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    Is this love: herzog and de meuron: vitrahaus exterior

    I think I just fell in love. I don't normally do this, but this caught me off guard. Its simple - in the basic form (2D house), its dynamic in its use of the form (stacked & cantilevered) and it is utterly inviting (large views of what's inside, benches integrated into courtyard facade). Also, detailing - i mentioned the integrated bench in the larchwood facade of the courtyard, but wait till you see the drain pipes - wait what?!? - Yes, actually, you don't see them - they are enclosed in the plaster, but drip their delivered goods into framed drainage...perhaps a detail only the odd will enjoy. In short, I am due in Weil am Rhein, and though I am dissappointed that interior images of the museum are yet available, I'd rather explore the movement through the space with my own two feet and with my sneaky camera in hidden hand. There are more images (really - even more!) on Design Boom's site (including models of the building), along with a clip of Herzog himself discussing the concept. View and drool, and share your gushings - or if possible - criticisms (i dare you!). UPDATE: There are interior images - view and wipe your face!

    herzog and de meuron: vitrahaus in Weil am Rhein

    'vitrahaus' by herzog & de meuron
    image © designboom

    architecture by herzog & de meuron
    photographer iwan baan
    image © vitra

    image © designboom

    image © designboom

    image © designboom

    by day
    image © designboom

    in some places the houses are cantilevered by up to 15 m

    image © designboom

    image © designboom

    image © designboom

    image © designboom

    the vitra design museum shop

    image © designboom

    image © designboom

    part of the design was that water pipes run out of the plaster rather than along the building
    image © designboom

    a worm's eye view of the stacked volumes intersecting one another
    image © designboom


    Changing Perception

    There is considerable amounts of our life that are based on assumptions. Without basic assumptions (the sun sets and will rise again) our daily life would be much more challenging (we assume folks around us understand the language we share, and that clothing is appropriate and certain currency is valid...). These assumptions also apply to how we experience space: how doors open, how walls are solid, floors are flat. Poor design, however, can turn our assumptions against us and cause us to think ourselves inept, when in fact it is a failure of the design to match assumptions - or to apply to a different culture's assumptions. This phenomena is well explained in the wonderful book by D.A. Norman Design of Everyday Things.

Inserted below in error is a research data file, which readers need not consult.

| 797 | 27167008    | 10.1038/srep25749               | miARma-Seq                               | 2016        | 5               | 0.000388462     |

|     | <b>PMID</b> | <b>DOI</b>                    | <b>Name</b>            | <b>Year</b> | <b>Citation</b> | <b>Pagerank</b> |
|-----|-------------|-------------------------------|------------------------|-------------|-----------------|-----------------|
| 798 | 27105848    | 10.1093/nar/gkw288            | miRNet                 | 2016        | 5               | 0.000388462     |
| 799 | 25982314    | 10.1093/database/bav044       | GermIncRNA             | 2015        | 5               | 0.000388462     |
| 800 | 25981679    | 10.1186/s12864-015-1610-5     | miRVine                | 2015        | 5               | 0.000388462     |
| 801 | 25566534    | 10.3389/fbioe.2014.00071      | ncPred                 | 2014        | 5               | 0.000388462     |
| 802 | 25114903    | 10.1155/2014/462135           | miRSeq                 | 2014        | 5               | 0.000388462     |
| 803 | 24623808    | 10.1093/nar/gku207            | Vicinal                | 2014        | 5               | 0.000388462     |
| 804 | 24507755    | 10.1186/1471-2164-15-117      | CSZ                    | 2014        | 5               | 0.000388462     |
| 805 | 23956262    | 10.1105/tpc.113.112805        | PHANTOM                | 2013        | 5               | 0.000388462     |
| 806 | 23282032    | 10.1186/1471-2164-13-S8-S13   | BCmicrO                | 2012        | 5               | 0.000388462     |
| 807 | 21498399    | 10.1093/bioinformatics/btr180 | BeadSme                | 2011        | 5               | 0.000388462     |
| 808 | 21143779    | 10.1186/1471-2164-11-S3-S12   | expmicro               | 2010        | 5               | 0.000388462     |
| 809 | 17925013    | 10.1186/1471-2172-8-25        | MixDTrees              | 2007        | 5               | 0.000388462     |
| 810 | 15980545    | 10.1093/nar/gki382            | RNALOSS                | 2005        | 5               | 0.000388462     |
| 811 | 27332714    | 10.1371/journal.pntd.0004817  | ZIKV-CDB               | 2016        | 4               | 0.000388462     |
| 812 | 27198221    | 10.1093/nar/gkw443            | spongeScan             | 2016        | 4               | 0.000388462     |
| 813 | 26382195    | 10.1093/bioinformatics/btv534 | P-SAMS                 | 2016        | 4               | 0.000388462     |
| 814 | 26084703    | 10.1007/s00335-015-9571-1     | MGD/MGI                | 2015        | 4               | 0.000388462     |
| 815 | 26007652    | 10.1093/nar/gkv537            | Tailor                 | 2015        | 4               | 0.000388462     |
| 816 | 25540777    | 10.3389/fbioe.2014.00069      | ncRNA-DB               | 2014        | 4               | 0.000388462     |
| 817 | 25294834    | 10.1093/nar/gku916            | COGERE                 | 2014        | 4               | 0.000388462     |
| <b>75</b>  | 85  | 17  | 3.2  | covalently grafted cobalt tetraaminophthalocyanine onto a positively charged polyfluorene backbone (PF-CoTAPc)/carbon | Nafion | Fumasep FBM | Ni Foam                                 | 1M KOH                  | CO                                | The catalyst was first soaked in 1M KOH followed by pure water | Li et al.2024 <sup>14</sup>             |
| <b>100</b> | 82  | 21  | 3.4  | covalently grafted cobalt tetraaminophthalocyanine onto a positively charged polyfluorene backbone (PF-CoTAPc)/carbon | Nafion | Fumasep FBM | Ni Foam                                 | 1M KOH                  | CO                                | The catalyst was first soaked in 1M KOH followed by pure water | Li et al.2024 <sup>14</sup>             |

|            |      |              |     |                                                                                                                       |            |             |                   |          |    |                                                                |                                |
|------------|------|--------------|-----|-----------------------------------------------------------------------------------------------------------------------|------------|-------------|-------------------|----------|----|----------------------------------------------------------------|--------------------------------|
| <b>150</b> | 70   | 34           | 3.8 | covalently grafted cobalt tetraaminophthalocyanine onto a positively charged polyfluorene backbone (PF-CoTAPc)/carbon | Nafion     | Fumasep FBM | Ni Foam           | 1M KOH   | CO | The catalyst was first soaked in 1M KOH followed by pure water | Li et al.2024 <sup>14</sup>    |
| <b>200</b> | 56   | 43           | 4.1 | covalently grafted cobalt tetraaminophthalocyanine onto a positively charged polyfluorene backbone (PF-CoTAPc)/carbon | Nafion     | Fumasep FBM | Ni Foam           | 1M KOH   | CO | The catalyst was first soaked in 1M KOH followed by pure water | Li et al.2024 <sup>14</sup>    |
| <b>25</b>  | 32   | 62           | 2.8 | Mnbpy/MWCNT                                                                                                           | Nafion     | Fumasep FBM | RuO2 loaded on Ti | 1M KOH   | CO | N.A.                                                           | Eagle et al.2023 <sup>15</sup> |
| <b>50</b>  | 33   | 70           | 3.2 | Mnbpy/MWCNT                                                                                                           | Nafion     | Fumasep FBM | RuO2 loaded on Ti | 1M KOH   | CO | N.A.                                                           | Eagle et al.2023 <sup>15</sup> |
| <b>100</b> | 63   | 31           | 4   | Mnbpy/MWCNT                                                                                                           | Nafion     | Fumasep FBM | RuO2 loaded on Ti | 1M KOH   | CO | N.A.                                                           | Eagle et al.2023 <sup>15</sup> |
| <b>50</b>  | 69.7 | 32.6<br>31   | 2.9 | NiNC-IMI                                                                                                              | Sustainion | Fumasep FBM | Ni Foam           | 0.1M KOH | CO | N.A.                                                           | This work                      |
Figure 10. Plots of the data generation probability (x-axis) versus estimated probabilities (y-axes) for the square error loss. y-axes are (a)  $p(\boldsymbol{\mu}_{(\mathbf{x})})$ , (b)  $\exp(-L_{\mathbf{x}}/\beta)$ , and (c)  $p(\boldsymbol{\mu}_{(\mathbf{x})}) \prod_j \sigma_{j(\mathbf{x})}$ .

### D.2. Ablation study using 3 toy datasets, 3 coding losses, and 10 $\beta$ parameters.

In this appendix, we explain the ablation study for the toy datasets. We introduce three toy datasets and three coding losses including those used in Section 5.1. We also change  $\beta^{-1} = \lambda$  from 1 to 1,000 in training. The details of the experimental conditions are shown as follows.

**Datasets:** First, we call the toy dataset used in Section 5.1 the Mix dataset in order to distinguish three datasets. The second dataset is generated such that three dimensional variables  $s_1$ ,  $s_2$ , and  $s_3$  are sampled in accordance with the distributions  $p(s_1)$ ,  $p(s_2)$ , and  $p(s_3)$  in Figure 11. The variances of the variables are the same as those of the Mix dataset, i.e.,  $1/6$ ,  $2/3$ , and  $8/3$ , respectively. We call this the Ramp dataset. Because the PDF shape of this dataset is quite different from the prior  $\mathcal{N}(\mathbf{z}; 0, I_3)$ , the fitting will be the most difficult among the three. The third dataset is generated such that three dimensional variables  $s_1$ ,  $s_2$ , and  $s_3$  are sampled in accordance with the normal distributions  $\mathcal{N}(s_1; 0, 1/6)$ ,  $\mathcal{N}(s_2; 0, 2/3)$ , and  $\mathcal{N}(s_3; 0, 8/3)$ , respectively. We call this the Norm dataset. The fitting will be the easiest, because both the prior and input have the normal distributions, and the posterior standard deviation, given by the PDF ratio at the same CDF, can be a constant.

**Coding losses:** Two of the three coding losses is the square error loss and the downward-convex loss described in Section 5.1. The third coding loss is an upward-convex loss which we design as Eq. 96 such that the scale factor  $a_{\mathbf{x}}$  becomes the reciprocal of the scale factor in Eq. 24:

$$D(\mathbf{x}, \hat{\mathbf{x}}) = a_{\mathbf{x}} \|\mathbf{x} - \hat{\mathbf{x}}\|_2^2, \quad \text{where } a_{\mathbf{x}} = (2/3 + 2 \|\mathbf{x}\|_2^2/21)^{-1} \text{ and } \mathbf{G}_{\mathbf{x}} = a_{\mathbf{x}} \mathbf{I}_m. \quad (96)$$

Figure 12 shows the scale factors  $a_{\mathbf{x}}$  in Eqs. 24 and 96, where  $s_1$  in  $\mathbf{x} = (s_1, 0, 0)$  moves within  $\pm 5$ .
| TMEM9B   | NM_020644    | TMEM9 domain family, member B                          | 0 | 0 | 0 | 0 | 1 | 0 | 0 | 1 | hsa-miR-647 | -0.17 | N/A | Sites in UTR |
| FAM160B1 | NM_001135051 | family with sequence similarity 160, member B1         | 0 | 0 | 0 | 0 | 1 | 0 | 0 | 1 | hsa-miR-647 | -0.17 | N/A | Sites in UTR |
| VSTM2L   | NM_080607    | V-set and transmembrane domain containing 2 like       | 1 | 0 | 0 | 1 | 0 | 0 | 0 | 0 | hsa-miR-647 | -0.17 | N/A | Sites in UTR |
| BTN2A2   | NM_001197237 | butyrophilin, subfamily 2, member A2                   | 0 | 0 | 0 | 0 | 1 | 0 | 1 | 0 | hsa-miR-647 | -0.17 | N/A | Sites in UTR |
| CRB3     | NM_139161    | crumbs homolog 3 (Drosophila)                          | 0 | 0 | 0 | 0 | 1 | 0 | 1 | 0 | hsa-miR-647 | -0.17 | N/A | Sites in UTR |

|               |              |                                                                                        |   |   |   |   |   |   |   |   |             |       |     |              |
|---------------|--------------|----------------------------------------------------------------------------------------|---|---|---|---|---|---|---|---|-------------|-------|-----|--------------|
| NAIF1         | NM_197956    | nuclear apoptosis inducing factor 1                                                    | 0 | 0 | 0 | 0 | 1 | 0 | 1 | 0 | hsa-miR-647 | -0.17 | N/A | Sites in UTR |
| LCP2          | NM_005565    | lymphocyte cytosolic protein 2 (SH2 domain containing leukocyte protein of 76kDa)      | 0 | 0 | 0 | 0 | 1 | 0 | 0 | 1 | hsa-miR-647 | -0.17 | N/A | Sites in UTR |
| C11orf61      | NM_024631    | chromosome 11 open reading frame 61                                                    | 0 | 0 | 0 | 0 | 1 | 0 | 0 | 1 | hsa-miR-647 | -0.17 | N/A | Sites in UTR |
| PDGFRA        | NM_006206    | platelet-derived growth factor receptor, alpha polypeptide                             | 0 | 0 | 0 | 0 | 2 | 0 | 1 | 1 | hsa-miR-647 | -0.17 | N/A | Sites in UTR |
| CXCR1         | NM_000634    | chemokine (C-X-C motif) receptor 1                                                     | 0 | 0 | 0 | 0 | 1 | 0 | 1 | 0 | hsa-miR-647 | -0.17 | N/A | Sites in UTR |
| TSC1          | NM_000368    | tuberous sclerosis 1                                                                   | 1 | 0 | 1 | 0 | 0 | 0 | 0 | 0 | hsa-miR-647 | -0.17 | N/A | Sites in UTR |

Not all design that challenges our assumptions is bad, it can be advancing new assumptions, or challenging stale cultural ideals. One such notion is that of the treatment of mental health. Whereas once all those with any mental issues were hidden away in institutions, today there is a blend of talk and pharmacological therapies for those struggling with such issues. One approach on the talking side of therapy is that, in many cases, the mental health of an individual only becomes problematic when there develops a significant discrepancy between internalized assumptions and the outside world. Based on this approach, one can best help mental health concerns by breaking down assumptions as to help re-align them [clearly not all mental health issues can be addressed in this manner, but this is only one approach]. The mental health clinic designed by Nendo in Tokyo has built this philosophy, physically. This clinic provides "standard consultations with a psychiatrist, corporate consulting and support for patients returning to the workplace."